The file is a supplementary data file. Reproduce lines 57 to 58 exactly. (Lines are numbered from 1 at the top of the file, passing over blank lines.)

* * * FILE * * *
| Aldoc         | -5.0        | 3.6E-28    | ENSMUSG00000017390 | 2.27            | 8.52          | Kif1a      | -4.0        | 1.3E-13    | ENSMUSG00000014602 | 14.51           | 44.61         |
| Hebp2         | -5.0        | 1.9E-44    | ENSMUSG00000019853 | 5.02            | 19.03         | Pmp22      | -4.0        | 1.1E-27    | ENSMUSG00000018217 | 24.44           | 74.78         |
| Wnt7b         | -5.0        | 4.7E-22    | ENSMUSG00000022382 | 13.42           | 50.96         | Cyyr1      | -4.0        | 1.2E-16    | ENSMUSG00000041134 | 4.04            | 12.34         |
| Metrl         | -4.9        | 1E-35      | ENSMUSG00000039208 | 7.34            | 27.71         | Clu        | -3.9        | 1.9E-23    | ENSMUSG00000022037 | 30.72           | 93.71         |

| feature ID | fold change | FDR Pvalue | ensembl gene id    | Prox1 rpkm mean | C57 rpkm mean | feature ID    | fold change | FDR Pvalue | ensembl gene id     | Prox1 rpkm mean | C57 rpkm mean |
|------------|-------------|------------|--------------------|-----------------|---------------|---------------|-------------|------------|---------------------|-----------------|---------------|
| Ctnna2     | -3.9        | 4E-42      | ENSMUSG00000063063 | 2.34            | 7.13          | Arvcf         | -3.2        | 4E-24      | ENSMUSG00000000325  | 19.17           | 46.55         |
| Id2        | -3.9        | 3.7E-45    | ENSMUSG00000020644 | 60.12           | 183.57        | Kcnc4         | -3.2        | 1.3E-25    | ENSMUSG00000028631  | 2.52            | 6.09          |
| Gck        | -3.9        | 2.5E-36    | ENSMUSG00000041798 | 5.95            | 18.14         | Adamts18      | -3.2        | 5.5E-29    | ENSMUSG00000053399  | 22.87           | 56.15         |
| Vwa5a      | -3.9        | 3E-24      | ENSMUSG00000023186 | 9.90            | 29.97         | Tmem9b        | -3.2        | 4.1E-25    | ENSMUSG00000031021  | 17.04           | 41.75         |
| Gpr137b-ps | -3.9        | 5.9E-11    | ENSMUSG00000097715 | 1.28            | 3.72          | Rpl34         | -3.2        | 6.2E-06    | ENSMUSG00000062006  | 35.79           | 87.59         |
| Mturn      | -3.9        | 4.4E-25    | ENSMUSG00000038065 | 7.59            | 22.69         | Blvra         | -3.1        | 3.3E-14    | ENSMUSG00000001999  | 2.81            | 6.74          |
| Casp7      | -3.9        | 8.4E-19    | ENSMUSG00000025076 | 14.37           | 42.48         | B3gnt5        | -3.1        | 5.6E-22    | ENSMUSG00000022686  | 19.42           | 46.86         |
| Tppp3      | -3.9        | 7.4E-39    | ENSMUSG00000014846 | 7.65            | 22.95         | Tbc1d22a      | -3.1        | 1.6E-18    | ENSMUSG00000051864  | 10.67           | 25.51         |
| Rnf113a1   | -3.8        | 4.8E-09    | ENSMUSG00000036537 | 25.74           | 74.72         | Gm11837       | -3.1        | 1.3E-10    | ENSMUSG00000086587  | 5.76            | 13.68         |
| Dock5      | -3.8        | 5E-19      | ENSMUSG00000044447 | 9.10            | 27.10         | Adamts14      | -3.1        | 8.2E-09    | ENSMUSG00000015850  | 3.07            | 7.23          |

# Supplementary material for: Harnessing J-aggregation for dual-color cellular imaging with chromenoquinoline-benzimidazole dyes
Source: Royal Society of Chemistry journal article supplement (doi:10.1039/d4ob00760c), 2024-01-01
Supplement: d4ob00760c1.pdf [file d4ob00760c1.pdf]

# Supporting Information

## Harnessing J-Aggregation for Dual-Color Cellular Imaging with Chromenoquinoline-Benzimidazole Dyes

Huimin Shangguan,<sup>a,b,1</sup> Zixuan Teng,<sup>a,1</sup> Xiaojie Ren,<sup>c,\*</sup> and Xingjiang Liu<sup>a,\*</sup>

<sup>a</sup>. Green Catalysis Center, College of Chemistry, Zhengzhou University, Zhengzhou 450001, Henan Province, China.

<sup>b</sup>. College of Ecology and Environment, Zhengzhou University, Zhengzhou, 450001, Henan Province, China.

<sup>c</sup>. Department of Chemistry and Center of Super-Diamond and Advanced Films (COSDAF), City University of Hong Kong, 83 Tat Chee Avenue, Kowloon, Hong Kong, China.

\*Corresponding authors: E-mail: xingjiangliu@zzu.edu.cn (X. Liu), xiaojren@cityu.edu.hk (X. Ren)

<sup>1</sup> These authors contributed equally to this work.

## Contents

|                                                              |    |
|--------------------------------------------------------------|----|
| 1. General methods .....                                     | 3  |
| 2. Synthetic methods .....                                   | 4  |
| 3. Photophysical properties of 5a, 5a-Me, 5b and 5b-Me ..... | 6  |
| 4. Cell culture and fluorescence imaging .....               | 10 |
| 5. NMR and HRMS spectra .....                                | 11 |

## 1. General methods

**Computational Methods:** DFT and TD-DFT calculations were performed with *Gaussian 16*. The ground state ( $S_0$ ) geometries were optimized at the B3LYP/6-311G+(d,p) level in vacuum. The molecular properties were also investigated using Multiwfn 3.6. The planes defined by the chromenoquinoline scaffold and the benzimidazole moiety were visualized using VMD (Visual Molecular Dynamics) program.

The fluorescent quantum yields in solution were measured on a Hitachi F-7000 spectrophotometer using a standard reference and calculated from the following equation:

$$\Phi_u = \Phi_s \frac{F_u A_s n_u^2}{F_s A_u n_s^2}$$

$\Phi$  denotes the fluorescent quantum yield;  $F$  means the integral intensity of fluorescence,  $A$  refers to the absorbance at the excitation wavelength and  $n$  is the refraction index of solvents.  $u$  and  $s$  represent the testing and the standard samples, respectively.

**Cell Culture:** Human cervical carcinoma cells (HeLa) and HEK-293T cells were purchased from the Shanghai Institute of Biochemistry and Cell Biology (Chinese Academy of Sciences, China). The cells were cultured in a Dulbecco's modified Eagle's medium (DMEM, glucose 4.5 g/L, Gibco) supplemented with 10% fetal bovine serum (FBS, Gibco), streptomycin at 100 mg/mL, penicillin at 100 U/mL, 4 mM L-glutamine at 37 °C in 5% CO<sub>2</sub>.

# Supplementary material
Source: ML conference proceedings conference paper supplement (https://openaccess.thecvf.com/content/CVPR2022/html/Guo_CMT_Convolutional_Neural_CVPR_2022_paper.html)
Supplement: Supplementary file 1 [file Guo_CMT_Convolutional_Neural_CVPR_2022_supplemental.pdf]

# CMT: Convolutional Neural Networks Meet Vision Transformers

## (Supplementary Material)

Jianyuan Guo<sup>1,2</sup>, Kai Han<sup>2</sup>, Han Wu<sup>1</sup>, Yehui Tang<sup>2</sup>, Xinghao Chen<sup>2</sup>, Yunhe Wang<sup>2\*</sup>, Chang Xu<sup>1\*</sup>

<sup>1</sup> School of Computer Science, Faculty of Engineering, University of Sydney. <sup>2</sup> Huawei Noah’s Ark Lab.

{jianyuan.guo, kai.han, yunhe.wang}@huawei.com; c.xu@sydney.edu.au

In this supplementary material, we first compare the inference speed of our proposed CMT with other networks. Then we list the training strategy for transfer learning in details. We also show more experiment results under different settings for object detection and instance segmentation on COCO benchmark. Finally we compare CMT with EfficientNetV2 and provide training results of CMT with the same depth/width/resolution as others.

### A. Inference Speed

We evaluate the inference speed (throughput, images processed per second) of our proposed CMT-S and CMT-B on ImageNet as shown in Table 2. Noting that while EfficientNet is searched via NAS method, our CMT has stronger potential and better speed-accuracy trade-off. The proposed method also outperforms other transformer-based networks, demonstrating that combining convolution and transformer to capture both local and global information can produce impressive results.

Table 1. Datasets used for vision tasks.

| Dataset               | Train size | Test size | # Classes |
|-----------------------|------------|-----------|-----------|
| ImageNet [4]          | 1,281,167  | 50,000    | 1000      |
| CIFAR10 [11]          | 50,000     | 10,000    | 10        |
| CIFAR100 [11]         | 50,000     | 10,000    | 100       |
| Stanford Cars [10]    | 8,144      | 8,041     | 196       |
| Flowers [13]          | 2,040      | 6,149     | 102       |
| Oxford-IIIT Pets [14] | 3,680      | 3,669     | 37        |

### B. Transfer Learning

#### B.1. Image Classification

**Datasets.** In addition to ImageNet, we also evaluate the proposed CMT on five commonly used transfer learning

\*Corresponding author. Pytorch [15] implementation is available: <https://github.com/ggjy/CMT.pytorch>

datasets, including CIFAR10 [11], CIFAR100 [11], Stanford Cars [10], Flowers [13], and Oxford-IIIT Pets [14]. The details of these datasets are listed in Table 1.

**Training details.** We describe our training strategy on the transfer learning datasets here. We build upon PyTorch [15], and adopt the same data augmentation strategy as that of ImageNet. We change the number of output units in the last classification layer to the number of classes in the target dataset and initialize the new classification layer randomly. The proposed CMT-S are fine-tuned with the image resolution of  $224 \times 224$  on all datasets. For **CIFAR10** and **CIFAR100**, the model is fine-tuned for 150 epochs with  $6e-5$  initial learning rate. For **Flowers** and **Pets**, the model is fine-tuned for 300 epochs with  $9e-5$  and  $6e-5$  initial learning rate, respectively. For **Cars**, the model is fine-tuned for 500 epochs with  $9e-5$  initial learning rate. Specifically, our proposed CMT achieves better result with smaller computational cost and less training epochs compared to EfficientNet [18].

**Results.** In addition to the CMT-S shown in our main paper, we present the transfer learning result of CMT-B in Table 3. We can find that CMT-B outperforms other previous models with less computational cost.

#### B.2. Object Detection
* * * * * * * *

| CIFAR10 [11]          | 50,000     | 10,000    | 10        |
| CIFAR100 [11]         | 50,000     | 10,000    | 100       |